More than 200 species of flora identified at beach that could be partly cleared

More than 200 species of flora have been identified at a beach where Wirral Council is looking to part clear of vegetation, according to a botanist studying it.

Josh Styles has been analysing the beach for several years carrying his first survey in February 2020. This took place several months after the local authority decided to stop using the weedkiller glyphosate on it and later paused beach management.

This found 24 species but more than three years later, Mr Styles said he has found 236 species of plant on the beach. He said there was no indication this was stopping and he expects the number to increase further.

The beach is currently at the centre of a divisive issue over its future with differing opinions on how it should be managed into the future.

Two public consultations have been carried out by Wirral Council, both of which have shown strong support for clearing at least some of it, but the area is heavily protected by both international and UK environmental law.

Some of the species of flora recorded at Hoylake beach

In an attempt to move towards getting a future beach management plan agreed and break years of deadlock, a majority of councillors voted this week to take to Natural England a plan to clear around three hectares of the beach. Natural England is a government advisory and regulatory body on the environment.

Labour, Conservative, and Liberal Democrat councillors who voted in support said this decision was only fair to those who had called for an amenity beach to be restored and described the Green Party, who voted against, as represented by the extremes of politics.

The local authority face a challenge in getting the plans approved as Natural England has already stated it would not support them due to the amount of vegetation that it is proposed would be removed. However, it did say it was open to working with the local authority going forward.

The Royal Society for the Protection of Birds (RSPB) in England has also criticised the council calling the second option “more damaging and unjustified”. It also said clearing vegetation could also lead to more sand being blown into Hoylake though Wirral Council officers said they do not expect this to be a significant increase.

In a response to the council in March, Natural England said it was open to changes on another option not supported by a recent consultation that would see less land cleared but a focus of access for the RNLI.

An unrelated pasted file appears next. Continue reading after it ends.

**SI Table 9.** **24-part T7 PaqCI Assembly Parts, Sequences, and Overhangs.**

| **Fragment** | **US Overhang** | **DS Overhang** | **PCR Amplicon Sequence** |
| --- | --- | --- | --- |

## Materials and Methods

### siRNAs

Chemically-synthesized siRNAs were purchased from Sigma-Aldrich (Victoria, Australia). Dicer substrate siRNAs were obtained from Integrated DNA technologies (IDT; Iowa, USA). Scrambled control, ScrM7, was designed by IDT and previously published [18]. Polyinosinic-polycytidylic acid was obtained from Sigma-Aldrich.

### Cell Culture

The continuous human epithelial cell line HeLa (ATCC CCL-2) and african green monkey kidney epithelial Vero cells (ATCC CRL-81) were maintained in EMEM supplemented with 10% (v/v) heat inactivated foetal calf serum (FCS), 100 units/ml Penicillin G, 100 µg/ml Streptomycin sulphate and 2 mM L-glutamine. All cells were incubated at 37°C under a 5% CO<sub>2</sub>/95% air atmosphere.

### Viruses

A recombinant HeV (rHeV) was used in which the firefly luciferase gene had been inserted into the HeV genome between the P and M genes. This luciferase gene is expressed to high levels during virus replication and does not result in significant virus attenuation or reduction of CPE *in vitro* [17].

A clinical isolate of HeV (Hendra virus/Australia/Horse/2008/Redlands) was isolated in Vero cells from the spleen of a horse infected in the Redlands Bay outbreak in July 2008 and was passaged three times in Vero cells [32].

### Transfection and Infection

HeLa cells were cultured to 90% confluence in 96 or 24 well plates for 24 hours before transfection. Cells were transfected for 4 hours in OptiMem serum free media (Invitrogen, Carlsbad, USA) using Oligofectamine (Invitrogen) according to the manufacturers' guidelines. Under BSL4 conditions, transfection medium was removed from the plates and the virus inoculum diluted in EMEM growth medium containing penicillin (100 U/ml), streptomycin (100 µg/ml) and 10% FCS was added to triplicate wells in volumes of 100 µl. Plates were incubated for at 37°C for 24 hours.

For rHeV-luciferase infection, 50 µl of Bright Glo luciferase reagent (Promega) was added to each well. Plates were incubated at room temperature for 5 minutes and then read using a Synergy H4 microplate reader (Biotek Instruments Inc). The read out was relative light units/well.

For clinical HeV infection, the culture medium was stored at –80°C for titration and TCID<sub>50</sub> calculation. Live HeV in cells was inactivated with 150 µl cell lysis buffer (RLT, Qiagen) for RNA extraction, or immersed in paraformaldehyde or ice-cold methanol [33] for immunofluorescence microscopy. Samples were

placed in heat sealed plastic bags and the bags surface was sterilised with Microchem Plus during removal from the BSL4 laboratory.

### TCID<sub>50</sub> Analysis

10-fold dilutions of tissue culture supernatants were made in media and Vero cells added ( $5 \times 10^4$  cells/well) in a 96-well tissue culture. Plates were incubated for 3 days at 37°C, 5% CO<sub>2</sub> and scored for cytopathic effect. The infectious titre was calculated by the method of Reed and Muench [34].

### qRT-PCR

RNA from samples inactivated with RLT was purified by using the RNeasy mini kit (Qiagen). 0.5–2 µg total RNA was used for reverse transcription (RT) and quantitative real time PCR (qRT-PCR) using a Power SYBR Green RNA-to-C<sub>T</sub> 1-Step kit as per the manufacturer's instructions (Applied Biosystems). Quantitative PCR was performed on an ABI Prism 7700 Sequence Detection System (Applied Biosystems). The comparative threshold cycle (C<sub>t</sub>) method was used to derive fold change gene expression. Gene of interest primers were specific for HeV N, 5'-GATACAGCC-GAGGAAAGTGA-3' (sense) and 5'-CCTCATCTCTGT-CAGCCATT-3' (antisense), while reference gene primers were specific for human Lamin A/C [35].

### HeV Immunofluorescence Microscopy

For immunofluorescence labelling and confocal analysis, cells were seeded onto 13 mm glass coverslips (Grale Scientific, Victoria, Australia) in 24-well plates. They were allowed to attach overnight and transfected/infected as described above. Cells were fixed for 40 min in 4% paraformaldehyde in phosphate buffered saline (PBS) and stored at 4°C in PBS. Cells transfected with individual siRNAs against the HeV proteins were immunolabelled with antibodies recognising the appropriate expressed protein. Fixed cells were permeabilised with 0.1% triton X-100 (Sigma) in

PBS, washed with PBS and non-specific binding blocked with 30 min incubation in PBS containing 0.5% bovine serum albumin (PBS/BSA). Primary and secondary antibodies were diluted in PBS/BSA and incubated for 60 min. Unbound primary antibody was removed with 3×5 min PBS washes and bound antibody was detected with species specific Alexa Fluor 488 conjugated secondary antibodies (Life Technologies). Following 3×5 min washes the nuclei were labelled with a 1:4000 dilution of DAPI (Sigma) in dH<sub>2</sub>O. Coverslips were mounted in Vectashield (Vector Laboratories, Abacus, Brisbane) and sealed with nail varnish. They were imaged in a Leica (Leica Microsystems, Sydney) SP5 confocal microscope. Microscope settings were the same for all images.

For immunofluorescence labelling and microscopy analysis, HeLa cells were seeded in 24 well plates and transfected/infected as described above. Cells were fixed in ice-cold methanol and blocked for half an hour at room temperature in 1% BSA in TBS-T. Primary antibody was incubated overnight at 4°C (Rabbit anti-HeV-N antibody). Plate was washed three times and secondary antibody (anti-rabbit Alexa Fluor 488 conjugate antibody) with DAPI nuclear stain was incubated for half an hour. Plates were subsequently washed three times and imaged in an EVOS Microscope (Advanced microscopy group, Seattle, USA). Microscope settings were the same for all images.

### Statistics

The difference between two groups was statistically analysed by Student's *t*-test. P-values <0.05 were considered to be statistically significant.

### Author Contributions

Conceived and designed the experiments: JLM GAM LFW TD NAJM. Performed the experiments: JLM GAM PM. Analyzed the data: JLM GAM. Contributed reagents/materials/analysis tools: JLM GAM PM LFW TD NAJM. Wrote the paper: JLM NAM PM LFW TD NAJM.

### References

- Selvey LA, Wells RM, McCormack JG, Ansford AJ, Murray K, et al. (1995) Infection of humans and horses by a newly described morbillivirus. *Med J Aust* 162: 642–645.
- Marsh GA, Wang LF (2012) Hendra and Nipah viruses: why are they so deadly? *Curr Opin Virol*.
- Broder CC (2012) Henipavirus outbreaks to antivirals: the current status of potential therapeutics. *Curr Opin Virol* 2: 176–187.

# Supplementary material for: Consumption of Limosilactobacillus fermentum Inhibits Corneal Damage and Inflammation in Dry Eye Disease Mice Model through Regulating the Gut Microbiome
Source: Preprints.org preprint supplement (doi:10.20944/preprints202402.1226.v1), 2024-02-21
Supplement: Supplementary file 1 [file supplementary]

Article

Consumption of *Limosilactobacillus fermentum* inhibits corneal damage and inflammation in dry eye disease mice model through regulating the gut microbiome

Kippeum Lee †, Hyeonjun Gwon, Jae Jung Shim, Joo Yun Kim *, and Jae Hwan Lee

These proposals would include moving any protected plant species, having a code of conduct for the area, keeping as much sediment from being removed as well as more information being provided on the RNLI’s requirements in the area.

Though some have celebrated the decision as a positive step forward, Mr Styles said, “It’s a huge sad waste of money in a very privileged part of the borough when people at the moment need help,” adding, “It’s massively sad because of the globally significant wildlife that is there.”

While he said he partly understood why the council had gone ahead with the option, he added, “It will be a massive grotesque waste of public money. They have done something that is unviable.” He also raised concerns about whether cleared 10 metre strips included in the plans could make accessibility worse as sand erosion will be worse in those areas.

He said, “I think there are a lot of issues for Natural England to consider. I do not think the response that said we wouldn’t support the option would have been without a great deal of consideration,” arguing “the beach has the highest level of legal protection that any land could receive.”

Jane Turner at Hoylake beach in 2021. Credit www.fotopiaimages.com

These concerns are also echoed by Jane Turner who set up a Facebook evidence page on the issue. She is also the chair of Wirral’s Green Party which voted against the plans to clear three hectares of the beach.

She argued the council decision was “smoke and mirrors,” adding, “I think it’s disingenuous to pretend that Natural England are going to say ‘yeah you can have it all because you voted’.”

She added, “They’re stuck in a difficult place and I think they’re trying to find a way out of it where it looks like it’s not their fault.”

Previously Labour and Green councillors voted in 2022 to put to Natural England two options that would see a small area from Trinity Road to the lifeboat station cleared as well as a fully natural beach with increased access to the sand beyond with boardwalks.

Ms Turner said she believed both options were considered to be more likely to be approved by Natural England.

She thinks the three hectare proposal put forward by the local authority could make things worse if Natural England rejects the plans again, adding, “There are people celebrating that they think they’ve won and I think it’s going to make it worse. The council should have been up front about what is possible and what isn’t possible rather than pretending they can do stuff that they can’t.”

In a press release, Wirral Council said, “Members agreed that officers should now continue to work with Natural England on developing a new beach management plan that approximates as closely as possible to the ‘amenity beach’ proposal.

“The life-saving operations of the RNLI and their ability to continue to launch and operate from the Hoylake foreshore was a central consideration in the development of both proposals that were on the table.

“The ‘amenity beach’ option proposes the removal of as much of the vegetation that might be permitted by Natural England in order to restore and retain some amenity space at the beach and ensure that safe access can be maintained for the RNLI for their life-saving operations.”

Image: Botanist, Josh Styles. Credit: www.fotopiaimages.com

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